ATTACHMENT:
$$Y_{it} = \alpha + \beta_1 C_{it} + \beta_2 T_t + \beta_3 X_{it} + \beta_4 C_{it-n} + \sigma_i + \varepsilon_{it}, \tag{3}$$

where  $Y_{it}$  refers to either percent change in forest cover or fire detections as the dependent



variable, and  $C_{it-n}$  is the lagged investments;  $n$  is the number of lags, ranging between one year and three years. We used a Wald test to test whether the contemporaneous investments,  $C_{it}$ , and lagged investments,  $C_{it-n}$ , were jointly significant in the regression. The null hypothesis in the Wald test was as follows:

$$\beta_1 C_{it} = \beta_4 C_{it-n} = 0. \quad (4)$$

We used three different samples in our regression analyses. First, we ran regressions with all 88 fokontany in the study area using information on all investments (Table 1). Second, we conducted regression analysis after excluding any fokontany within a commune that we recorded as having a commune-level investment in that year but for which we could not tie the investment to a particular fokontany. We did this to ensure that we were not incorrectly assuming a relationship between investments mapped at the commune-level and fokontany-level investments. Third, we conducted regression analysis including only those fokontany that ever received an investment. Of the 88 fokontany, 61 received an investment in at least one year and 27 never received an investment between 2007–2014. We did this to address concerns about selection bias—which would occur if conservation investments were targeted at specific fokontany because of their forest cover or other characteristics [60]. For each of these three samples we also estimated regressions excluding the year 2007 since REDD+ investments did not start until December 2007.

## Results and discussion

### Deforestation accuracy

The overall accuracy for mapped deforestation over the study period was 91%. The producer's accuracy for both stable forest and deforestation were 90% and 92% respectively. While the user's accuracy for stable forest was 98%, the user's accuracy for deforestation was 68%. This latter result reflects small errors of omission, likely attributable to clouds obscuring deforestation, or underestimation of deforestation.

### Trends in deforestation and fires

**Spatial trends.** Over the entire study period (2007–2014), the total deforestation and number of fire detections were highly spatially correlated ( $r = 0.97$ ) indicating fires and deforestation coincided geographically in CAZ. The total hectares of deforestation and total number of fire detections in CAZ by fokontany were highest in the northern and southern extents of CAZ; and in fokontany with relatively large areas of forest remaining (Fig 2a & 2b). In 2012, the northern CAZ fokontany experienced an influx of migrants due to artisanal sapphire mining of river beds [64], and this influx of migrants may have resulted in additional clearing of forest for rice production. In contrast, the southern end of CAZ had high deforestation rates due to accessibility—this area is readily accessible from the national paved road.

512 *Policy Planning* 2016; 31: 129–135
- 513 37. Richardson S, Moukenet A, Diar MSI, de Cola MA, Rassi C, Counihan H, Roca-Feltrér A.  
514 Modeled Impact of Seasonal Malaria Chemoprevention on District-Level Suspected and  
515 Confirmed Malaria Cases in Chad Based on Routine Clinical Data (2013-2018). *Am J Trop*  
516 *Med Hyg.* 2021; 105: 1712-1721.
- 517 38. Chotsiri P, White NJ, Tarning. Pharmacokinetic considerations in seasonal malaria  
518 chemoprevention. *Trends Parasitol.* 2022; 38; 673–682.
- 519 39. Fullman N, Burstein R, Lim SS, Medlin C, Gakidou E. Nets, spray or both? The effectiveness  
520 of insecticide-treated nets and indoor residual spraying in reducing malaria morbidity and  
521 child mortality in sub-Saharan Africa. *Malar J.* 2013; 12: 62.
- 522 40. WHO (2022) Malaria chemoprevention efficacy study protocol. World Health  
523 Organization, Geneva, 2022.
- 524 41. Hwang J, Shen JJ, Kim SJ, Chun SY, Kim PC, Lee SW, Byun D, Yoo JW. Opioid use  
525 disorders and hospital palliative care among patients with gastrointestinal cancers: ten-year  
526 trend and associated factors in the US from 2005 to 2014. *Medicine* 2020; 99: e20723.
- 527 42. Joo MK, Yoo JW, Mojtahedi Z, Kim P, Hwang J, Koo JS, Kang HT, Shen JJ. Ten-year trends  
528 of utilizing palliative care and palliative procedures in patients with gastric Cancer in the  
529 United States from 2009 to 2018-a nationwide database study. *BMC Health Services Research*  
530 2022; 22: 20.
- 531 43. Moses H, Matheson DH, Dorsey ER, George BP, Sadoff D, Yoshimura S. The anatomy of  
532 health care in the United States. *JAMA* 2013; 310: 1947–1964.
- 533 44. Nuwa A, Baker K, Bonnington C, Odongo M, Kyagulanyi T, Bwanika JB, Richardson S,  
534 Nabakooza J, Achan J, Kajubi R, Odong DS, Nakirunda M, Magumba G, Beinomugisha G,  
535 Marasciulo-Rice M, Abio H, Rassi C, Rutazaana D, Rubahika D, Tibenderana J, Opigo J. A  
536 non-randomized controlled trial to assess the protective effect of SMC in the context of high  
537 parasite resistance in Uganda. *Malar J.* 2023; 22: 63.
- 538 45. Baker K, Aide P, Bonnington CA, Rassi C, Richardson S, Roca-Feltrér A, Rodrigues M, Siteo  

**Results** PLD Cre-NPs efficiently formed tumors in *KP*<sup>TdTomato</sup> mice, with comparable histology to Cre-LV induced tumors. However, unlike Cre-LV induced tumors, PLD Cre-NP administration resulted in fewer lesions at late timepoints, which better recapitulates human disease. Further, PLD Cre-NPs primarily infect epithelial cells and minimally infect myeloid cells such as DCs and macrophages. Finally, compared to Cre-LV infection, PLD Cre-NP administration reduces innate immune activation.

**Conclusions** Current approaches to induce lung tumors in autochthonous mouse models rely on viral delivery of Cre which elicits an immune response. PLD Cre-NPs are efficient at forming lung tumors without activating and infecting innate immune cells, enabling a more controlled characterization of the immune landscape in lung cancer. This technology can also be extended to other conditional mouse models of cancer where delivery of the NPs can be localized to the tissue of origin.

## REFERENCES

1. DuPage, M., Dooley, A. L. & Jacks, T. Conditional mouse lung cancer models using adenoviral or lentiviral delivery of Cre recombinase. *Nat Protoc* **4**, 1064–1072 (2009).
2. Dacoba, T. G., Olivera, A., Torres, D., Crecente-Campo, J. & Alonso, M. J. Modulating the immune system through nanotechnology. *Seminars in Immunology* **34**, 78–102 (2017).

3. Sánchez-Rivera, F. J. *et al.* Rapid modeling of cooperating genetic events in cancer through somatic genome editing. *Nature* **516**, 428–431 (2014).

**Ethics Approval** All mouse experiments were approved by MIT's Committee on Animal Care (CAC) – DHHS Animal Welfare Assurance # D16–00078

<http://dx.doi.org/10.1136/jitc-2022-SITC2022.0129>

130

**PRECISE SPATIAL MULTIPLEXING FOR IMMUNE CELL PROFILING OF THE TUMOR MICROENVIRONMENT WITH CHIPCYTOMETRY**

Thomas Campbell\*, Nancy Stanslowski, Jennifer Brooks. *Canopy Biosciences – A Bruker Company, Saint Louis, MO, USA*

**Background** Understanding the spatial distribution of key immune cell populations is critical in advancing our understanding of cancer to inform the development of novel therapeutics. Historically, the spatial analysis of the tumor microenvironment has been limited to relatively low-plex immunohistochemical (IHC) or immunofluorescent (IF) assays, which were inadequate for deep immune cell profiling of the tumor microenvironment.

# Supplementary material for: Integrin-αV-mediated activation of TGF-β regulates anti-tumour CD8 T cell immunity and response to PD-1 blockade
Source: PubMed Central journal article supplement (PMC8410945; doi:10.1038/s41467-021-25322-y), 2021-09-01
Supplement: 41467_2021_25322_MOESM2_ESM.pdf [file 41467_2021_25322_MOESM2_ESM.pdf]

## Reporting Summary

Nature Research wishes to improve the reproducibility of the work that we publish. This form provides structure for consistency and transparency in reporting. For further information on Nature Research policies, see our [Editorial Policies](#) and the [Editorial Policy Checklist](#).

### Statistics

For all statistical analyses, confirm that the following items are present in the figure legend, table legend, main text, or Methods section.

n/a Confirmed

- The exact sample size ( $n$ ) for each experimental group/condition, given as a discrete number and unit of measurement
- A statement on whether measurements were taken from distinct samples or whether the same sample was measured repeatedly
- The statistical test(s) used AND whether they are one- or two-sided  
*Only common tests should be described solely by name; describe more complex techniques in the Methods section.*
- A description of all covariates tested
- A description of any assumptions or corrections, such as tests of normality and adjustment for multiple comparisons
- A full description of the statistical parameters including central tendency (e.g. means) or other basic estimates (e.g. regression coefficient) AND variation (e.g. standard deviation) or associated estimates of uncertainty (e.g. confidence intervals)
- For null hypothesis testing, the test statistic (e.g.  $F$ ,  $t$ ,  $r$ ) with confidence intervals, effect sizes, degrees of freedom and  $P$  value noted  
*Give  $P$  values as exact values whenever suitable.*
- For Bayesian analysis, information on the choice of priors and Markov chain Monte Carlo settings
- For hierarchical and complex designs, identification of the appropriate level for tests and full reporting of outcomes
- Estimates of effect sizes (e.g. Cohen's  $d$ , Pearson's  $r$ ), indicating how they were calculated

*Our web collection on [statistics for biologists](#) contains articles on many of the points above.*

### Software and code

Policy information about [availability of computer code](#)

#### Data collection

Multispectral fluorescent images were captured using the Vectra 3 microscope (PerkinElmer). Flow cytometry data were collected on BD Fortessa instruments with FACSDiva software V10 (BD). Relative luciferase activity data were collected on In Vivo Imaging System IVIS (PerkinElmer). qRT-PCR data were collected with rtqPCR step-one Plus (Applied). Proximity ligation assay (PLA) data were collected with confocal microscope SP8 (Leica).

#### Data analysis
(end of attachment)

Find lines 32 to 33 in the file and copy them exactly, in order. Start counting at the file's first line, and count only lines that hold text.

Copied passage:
- 533 44. Nuwa A, Baker K, Bonnington C, Odongo M, Kyagulanyi T, Bwanika JB, Richardson S,  
534 Nabakooza J, Achan J, Kajubi R, Odong DS, Nakirunda M, Magumba G, Beinomugisha G,  